Comment 56 for bug 317781

Revision history for this message
Theodore Ts'o (tytso) wrote :

>s there no way to cache any file open call that uses O_TRUNC such that the truncation never
>happens until the file is committed? I'm sure there are considerations that are not immediately
>obvious to me.

In practice, not with 100% reliability. A program could truncate the file, and then wait two hours, and then later write data and close the file. We can't hold a transaction for hours. But in practice, what we can do is we can remember that the file descriptor was truncated, either when the file was originally opened with the O_TRUNC flag, or truncated to zero via the ftruncate() system call, and if so, when the file is closed, we can force the blocks to be allocated right away. That way when the journal commits, the files are forced out to disk right away. This causes ext4 to effectively have the same results as ext3, in the case where the application is doing the open w/ O_TRUNC, write the new file contents, and close in quick succession. And in fact that is what the patches I referred to earlier do:;a=commitdiff;h=3bf3342f394d72ed2ec7e77b5b39e1b50fad8284;a=commitdiff;h=6645f8c3bc3cdaa7de4aaa3d34d40c2e8e5f09ae;a=commitdiff;h=dbc85aa9f11d8c13c15527d43a3def8d7beffdc8

These patches cause ext4 to behave much the same way ext3 would in the case of series (1) and (2) that I had described above. That is, where the file is opened via O_TRUNC, and where the file is written as and then renamed from to foo, overwriting the old foo in the process.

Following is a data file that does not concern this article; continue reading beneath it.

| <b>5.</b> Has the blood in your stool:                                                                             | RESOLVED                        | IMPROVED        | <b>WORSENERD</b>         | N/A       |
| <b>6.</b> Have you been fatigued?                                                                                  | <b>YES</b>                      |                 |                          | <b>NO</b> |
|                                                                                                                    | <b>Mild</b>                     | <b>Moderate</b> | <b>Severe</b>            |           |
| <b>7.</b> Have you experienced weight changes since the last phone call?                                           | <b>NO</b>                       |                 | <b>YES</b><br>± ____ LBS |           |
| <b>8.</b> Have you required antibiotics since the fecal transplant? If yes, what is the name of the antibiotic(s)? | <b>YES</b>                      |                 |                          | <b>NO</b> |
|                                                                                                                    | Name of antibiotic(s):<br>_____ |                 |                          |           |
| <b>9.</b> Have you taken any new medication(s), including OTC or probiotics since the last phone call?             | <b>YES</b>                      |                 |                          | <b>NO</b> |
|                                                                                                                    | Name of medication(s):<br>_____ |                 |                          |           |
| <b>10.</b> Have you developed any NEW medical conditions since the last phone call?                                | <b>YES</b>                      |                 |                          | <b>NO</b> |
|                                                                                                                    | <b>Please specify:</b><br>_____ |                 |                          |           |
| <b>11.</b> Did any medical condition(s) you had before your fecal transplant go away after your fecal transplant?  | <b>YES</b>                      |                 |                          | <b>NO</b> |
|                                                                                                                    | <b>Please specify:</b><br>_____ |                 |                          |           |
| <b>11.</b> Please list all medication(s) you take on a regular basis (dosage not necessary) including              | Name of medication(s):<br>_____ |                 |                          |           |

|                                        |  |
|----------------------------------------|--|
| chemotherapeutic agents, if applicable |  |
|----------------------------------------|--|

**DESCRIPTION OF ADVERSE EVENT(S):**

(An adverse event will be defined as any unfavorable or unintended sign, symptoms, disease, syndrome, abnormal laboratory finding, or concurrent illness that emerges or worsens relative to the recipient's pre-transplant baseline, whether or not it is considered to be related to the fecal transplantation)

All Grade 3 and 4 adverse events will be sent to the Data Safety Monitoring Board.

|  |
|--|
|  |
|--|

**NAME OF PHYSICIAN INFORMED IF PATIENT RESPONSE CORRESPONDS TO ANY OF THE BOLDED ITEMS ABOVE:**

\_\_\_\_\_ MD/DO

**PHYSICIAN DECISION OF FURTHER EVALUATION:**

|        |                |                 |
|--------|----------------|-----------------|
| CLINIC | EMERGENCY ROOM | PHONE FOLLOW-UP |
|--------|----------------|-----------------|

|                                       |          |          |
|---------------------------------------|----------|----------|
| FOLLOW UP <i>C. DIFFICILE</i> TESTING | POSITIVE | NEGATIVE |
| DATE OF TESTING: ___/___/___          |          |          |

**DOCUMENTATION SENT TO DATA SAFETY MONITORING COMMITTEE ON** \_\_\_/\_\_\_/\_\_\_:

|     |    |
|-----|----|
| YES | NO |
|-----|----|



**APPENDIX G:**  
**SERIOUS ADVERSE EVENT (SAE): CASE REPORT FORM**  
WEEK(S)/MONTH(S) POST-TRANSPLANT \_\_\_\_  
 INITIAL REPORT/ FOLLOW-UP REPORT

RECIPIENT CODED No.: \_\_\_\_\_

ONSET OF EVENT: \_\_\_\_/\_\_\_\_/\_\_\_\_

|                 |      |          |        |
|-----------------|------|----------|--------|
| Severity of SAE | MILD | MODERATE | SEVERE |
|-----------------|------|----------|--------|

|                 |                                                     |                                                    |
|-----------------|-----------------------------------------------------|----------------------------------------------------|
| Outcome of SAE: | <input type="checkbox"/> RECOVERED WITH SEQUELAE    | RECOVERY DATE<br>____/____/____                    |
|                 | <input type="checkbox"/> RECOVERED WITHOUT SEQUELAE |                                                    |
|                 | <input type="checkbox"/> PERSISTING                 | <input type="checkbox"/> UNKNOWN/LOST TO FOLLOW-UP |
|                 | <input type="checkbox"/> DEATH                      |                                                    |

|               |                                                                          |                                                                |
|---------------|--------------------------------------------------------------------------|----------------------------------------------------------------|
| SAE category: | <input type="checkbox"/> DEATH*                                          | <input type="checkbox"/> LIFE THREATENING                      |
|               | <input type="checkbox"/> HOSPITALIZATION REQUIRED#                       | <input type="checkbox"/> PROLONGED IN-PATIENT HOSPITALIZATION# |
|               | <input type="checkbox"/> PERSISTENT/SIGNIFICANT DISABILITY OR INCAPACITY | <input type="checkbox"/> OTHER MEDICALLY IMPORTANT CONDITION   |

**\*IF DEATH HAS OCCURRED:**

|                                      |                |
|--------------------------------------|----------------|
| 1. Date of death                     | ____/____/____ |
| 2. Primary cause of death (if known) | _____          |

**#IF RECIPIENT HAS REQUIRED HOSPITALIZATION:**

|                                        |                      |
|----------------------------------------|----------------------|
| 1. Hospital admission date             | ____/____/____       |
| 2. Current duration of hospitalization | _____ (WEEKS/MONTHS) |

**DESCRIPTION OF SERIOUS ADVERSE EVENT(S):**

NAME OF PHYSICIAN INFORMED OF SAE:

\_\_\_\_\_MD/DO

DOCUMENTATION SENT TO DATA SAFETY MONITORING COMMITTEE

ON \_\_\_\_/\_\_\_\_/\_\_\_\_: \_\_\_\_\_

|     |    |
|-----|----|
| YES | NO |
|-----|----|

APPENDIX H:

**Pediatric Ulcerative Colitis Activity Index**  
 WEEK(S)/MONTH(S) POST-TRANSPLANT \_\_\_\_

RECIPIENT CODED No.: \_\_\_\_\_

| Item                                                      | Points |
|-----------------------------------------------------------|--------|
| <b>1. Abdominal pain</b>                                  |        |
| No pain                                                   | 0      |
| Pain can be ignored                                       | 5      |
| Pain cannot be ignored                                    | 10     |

It is not fool-proof, but then again ext3 was never fool-proof, either.

It also won't help you if you are writing a new file (instead of replacing an existing one). But the creation of new files aren't *that* common, and people tend to be most annoyed when an existing file disappears. Again, the 30 to 150 second delay before files are written out isn't really that bad. The chances that a newly written file will disappear, or appear to be "truncated to zero" (in reality, it was simply enver allocated) is actually that common --- after all, how often to machines crash? It's not like they are constantly crashing *all* the time. (This is why I really object to the categorization of needing to check "thousands of servers in a data center for zero-length file"; if "thousands of servers" are crashing unexpectedly, something is really wrong, and the sysadmins would be screaming bloody murder. Unexpected crashes is ***not*** the common case.)

The reason why people were noticing this on desktops is because crappy applications are constantly rewriting various config files, in some cases every minute or worse yet, every few seconds. This causes a massive write load, which destroys battery life, and consumes write cycles on SSD. These are badly written applications, which hopefully are not the common case. If the application is only writing its state files to dot files in the user's home directory every hour or two, what are the odds that you will get unlucky and have the crash happen in less than 30 seconds from the last update? The fact that a number of people are noticing this problem is speaking to the fact that some applications are constantly rewriting their dot files, and that's just bad design. Application writers which are doing this should be ashamed; it's a really bad idea to be constantly rewriting files like that. If you must do that, then try use a properly written registry database which is sync'ed using fdatawrite() --- or better yet, avoid trying to write the files so frequently; even if properly written so it is safe, it will burn massive amounts of battery life on a laptop.